1. As the number of Jesus’ followers grew, and Christian groups sprang up in many places after Jesus’ death, it soon became apparent that the stories and teaching of Jesus which were circulating by word of mouth must be written

down. Luke commences his Gospel using language similar to classical Greek. He states his purpose and the sources of his information. ‘…things that have been fulfilled among us,’ refers to Old Testament prophecies now fully accomplished. Luke 1:1.


2. ‘…handed down to us….’ In Luke’s case handed down mainly by St Paul though he would almost certainly have had contact with others who had eye-witness contact with Jesus. Luke 1:2.


3. ‘……carefully investigated….’ Luke’s account is exact in historical detail. It has an orderly arrangement that is generally chronological. Luke states his purpose ‘….so that your Excellency (Theophilus) may learn how well founded the teaching is that you have received.’ (Theophilus, whose name means ‘one who loves God’, is thought to have been Luke’s patron and probably a Roman official or at least of high position and wealth.) Luke 1:4.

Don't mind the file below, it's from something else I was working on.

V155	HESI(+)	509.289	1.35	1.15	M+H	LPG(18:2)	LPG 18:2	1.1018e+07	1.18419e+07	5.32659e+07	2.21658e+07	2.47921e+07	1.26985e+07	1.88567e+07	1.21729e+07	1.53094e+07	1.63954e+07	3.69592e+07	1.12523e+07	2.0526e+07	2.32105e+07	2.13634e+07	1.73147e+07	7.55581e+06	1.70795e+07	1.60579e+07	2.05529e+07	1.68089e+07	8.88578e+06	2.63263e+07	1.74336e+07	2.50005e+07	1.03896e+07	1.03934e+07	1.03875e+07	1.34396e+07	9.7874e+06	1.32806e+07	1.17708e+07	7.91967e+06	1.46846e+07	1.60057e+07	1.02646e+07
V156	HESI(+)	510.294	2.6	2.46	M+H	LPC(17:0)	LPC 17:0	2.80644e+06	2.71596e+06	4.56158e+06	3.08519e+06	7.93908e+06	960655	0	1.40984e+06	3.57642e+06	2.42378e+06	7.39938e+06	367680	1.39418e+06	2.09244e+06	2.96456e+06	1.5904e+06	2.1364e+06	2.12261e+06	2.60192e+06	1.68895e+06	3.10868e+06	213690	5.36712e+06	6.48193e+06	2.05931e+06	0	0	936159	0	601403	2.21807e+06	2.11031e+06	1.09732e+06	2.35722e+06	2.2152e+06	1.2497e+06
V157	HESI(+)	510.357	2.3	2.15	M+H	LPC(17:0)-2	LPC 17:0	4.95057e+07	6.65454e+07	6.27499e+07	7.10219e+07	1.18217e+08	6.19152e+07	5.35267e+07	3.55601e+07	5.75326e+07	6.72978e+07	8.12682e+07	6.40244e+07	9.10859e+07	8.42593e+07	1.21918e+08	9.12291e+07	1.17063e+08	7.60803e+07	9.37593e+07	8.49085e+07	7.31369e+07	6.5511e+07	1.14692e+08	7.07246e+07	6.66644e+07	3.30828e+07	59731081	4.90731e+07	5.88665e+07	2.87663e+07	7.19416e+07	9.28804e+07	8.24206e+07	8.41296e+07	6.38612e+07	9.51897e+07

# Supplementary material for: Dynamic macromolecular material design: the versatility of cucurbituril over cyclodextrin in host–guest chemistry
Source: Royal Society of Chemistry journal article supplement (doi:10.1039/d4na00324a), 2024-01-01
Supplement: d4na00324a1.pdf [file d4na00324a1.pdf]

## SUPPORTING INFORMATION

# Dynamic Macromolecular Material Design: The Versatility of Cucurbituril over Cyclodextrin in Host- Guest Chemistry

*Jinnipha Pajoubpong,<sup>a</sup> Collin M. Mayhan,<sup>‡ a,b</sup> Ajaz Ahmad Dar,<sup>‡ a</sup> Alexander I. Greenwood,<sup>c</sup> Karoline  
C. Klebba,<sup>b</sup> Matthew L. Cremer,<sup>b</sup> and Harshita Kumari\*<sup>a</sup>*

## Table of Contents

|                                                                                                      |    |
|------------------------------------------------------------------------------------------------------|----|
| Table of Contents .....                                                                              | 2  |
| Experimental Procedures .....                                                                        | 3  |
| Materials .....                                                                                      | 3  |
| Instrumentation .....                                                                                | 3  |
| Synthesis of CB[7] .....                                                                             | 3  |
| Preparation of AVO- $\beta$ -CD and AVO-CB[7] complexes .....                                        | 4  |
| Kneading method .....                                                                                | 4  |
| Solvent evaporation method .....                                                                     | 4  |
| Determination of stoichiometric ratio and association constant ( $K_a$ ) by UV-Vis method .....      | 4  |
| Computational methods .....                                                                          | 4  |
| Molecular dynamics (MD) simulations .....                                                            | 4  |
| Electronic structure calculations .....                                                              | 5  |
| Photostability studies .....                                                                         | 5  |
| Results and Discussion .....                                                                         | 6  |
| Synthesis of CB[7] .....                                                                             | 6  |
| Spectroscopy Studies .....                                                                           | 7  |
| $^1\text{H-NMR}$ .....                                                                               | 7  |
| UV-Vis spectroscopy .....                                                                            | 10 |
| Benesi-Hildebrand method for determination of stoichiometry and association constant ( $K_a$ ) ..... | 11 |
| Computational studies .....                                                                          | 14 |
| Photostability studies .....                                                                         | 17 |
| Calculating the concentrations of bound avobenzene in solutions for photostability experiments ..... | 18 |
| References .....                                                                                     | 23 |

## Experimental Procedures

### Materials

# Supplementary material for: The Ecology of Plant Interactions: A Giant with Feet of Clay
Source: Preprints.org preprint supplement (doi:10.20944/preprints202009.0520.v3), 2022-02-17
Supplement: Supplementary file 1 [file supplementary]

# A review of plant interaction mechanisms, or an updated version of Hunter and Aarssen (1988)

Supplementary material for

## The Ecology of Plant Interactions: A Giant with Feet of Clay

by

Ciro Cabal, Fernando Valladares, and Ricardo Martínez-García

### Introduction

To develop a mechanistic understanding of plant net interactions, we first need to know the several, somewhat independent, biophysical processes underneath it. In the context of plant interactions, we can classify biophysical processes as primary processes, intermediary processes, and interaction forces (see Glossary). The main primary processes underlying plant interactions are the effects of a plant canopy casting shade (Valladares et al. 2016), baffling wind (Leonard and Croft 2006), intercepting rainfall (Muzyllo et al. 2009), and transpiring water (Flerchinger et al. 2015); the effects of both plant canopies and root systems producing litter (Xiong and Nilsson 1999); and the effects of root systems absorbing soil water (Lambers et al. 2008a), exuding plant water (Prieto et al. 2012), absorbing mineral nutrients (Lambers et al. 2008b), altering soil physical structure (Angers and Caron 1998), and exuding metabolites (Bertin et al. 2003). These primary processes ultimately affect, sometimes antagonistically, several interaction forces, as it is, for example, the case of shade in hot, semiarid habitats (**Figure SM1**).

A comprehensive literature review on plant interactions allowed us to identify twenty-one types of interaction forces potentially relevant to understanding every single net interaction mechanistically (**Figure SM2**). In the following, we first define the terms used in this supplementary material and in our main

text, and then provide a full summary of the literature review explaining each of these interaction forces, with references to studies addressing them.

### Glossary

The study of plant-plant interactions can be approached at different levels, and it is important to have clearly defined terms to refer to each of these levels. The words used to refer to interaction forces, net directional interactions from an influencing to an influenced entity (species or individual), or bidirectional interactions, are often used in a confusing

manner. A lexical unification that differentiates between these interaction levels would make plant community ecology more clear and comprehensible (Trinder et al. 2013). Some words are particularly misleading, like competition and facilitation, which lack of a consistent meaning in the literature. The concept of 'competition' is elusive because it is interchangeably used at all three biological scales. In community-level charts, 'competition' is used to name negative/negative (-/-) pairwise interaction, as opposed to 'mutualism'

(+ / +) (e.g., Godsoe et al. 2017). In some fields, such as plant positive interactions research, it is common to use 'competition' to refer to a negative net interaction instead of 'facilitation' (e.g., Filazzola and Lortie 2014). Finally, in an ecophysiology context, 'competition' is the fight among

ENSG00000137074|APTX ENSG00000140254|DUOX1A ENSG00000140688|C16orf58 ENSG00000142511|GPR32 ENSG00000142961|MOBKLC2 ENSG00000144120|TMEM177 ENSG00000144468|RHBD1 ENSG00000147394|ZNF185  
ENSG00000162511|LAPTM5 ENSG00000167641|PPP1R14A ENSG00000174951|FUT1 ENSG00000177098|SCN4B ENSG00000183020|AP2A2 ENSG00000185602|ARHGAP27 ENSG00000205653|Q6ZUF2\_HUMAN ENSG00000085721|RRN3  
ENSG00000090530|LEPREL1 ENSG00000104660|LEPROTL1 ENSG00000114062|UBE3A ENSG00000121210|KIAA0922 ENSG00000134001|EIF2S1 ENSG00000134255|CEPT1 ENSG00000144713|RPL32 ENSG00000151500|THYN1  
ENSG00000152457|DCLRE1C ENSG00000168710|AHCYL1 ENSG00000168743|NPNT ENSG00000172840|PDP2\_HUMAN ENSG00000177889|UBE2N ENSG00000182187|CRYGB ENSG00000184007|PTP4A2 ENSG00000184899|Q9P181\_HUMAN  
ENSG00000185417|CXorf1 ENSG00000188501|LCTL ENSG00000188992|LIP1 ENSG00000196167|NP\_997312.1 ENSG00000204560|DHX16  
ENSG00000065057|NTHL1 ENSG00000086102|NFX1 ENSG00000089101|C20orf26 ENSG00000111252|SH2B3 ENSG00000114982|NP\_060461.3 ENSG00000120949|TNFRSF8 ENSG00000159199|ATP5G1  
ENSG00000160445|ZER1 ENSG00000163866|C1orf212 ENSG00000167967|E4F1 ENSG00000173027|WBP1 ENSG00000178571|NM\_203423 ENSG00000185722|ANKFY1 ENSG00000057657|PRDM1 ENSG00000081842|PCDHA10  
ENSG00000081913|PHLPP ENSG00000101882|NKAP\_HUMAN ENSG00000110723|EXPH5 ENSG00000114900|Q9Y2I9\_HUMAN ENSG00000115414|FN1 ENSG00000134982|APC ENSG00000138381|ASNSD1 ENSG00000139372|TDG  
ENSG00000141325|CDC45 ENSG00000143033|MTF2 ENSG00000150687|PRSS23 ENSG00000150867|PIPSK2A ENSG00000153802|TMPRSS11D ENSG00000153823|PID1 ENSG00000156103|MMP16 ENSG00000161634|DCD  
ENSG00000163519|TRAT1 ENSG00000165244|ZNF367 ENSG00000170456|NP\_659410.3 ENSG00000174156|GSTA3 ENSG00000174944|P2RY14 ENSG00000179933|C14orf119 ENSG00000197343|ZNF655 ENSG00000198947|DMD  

The Birth of John the Baptist Foretold.


4. Luke’s detailed explanation leading to the birth of John the Baptist and Jesus make us wonder whether, at some point, Luke met and talked with Mary who would have been able to give him accurate information. Luke 1:5‑7.